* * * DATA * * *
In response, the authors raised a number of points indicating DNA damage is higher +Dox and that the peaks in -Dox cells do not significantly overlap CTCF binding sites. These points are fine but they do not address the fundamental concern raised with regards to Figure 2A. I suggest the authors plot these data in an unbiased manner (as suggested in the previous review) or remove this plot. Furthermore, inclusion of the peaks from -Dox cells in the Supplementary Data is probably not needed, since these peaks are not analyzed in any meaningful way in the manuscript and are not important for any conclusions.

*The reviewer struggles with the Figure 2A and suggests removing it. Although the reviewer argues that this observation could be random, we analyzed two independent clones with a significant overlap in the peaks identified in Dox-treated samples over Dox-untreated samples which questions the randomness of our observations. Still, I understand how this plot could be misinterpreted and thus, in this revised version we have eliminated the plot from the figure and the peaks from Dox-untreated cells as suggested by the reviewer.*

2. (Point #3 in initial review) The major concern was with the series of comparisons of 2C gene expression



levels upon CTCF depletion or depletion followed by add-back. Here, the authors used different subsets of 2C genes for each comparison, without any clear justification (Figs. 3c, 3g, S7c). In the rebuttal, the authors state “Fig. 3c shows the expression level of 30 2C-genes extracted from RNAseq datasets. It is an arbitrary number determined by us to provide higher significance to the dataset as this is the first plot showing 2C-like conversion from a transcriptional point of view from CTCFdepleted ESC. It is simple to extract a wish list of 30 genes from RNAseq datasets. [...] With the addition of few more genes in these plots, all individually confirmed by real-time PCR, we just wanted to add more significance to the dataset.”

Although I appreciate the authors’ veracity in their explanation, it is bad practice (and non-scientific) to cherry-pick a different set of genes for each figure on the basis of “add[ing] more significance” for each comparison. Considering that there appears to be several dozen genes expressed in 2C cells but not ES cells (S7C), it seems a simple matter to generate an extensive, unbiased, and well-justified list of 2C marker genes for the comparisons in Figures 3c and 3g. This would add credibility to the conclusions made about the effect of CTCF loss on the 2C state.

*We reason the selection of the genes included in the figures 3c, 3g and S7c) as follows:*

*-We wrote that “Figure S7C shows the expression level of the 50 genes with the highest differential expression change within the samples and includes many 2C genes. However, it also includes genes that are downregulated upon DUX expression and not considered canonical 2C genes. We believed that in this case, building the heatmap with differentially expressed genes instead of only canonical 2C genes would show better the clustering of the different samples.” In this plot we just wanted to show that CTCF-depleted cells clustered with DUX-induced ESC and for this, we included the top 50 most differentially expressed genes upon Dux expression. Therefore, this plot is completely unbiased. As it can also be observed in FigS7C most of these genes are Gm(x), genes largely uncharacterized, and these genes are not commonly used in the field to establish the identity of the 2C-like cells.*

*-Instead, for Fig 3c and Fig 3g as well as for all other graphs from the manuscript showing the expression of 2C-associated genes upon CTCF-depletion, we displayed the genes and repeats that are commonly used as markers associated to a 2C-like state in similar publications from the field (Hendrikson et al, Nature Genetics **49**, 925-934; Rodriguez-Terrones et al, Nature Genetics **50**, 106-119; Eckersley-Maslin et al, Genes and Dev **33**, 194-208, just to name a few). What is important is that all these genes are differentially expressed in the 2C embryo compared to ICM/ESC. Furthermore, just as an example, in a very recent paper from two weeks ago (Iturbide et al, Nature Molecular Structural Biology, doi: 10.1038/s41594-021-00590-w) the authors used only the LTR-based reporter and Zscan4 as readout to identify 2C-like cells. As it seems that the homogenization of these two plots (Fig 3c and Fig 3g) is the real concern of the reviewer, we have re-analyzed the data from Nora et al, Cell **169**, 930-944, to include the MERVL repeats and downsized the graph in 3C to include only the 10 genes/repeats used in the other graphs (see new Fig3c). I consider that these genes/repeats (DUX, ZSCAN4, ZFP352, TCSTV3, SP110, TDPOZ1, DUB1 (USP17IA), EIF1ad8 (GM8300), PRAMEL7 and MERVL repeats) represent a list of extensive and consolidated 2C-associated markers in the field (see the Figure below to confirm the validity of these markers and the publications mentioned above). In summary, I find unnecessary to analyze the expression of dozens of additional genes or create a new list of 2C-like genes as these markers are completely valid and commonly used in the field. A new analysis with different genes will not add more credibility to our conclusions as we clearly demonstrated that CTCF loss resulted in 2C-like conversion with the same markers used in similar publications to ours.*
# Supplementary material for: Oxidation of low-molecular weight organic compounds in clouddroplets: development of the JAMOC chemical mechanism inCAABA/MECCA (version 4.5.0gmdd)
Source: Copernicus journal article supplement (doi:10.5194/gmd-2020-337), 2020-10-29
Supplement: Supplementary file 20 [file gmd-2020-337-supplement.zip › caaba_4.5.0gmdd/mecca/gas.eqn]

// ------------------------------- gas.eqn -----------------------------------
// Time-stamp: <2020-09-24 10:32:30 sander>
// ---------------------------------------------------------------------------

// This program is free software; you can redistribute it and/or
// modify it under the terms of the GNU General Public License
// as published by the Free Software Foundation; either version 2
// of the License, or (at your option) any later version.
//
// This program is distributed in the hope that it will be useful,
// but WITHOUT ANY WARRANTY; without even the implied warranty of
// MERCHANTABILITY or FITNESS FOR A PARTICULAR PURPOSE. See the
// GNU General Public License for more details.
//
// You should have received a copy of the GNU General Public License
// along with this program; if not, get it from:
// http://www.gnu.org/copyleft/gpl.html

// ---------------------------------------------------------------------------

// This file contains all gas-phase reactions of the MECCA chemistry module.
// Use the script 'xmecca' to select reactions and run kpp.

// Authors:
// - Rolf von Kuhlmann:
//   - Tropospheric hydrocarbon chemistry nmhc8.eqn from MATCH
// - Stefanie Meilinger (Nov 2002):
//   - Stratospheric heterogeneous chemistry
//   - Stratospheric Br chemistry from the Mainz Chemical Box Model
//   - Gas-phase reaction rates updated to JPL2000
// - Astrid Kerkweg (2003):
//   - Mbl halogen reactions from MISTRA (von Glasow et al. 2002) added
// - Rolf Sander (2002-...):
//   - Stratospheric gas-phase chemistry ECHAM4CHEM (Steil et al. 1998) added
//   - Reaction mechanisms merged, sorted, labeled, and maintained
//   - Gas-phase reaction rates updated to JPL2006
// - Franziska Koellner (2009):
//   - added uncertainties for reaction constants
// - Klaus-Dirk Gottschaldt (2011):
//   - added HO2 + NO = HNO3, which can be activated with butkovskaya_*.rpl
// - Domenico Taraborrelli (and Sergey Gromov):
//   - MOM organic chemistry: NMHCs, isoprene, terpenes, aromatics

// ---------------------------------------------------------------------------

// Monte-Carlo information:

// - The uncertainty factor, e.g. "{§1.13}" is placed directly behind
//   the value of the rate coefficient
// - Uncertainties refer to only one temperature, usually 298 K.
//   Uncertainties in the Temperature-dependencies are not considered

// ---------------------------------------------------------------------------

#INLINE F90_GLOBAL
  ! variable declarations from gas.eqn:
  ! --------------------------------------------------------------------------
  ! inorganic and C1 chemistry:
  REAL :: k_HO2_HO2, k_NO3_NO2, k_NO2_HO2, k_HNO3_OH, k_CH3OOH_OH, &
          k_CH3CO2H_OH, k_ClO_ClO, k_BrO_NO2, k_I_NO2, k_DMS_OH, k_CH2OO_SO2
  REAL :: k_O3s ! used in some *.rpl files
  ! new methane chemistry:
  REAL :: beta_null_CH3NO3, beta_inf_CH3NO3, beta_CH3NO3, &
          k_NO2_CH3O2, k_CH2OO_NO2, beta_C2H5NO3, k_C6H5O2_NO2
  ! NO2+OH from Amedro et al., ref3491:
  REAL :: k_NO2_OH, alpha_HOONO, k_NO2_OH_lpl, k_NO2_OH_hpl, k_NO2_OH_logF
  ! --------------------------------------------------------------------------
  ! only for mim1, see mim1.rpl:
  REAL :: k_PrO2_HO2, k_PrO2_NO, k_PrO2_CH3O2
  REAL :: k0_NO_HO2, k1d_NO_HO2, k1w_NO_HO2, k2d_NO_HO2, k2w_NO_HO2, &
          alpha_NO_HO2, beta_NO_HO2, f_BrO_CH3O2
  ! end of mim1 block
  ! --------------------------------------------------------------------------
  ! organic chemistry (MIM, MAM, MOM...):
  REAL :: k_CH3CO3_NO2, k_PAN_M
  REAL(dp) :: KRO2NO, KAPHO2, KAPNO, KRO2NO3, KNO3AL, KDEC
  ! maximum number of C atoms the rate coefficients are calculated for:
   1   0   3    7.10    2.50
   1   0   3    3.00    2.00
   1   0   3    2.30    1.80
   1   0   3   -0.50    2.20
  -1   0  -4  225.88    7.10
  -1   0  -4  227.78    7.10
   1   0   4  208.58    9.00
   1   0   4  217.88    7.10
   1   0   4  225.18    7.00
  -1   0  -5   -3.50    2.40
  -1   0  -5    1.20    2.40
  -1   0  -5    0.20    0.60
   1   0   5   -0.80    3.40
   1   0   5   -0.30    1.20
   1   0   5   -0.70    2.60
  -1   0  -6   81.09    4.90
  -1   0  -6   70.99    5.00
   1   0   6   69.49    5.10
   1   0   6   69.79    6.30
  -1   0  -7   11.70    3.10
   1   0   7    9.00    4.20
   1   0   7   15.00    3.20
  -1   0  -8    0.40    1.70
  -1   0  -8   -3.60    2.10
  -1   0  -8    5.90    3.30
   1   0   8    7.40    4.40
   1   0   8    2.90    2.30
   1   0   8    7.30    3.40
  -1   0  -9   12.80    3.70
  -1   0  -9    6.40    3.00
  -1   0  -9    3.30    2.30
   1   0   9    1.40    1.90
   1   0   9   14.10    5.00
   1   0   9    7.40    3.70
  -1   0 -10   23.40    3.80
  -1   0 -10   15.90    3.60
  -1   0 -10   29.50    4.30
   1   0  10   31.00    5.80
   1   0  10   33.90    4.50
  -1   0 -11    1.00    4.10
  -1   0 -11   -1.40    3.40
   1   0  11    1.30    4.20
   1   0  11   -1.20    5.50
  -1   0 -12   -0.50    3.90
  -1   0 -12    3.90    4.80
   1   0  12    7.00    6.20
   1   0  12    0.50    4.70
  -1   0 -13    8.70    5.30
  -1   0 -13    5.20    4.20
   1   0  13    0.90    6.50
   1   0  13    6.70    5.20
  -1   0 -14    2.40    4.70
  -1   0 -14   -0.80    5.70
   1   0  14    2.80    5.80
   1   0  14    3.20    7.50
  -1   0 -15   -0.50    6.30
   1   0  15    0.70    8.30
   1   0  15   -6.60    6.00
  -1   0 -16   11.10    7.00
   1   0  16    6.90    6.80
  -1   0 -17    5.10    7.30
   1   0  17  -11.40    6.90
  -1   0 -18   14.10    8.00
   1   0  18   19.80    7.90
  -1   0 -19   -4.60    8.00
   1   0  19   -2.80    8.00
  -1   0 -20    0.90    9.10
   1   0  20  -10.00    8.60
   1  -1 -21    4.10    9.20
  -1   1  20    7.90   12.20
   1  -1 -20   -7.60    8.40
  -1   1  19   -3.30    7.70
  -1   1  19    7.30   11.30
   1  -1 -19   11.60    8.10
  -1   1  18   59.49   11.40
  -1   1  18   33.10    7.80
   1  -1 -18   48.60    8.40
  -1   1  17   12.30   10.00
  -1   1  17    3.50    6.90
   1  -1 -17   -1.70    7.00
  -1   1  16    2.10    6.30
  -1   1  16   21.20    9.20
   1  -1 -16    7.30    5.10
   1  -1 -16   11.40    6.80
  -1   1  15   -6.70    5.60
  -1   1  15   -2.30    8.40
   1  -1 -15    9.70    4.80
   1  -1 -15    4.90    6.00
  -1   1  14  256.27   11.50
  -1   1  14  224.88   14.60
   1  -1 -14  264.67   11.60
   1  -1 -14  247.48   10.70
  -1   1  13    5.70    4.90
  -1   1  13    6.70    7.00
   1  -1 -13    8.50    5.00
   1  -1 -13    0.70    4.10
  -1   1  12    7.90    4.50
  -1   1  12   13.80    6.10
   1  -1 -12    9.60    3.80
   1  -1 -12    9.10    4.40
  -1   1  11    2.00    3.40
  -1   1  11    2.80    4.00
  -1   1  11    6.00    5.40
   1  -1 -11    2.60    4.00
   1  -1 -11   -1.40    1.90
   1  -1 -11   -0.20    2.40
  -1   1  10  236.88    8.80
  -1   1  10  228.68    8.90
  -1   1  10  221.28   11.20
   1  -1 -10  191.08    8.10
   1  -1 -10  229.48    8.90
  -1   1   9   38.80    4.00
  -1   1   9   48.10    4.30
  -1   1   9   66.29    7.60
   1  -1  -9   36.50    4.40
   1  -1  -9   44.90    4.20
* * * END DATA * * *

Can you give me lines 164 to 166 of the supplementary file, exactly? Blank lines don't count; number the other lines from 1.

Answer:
  -1   1  15   -6.70    5.60
  -1   1  15   -2.30    8.40
   1  -1 -15    9.70    4.80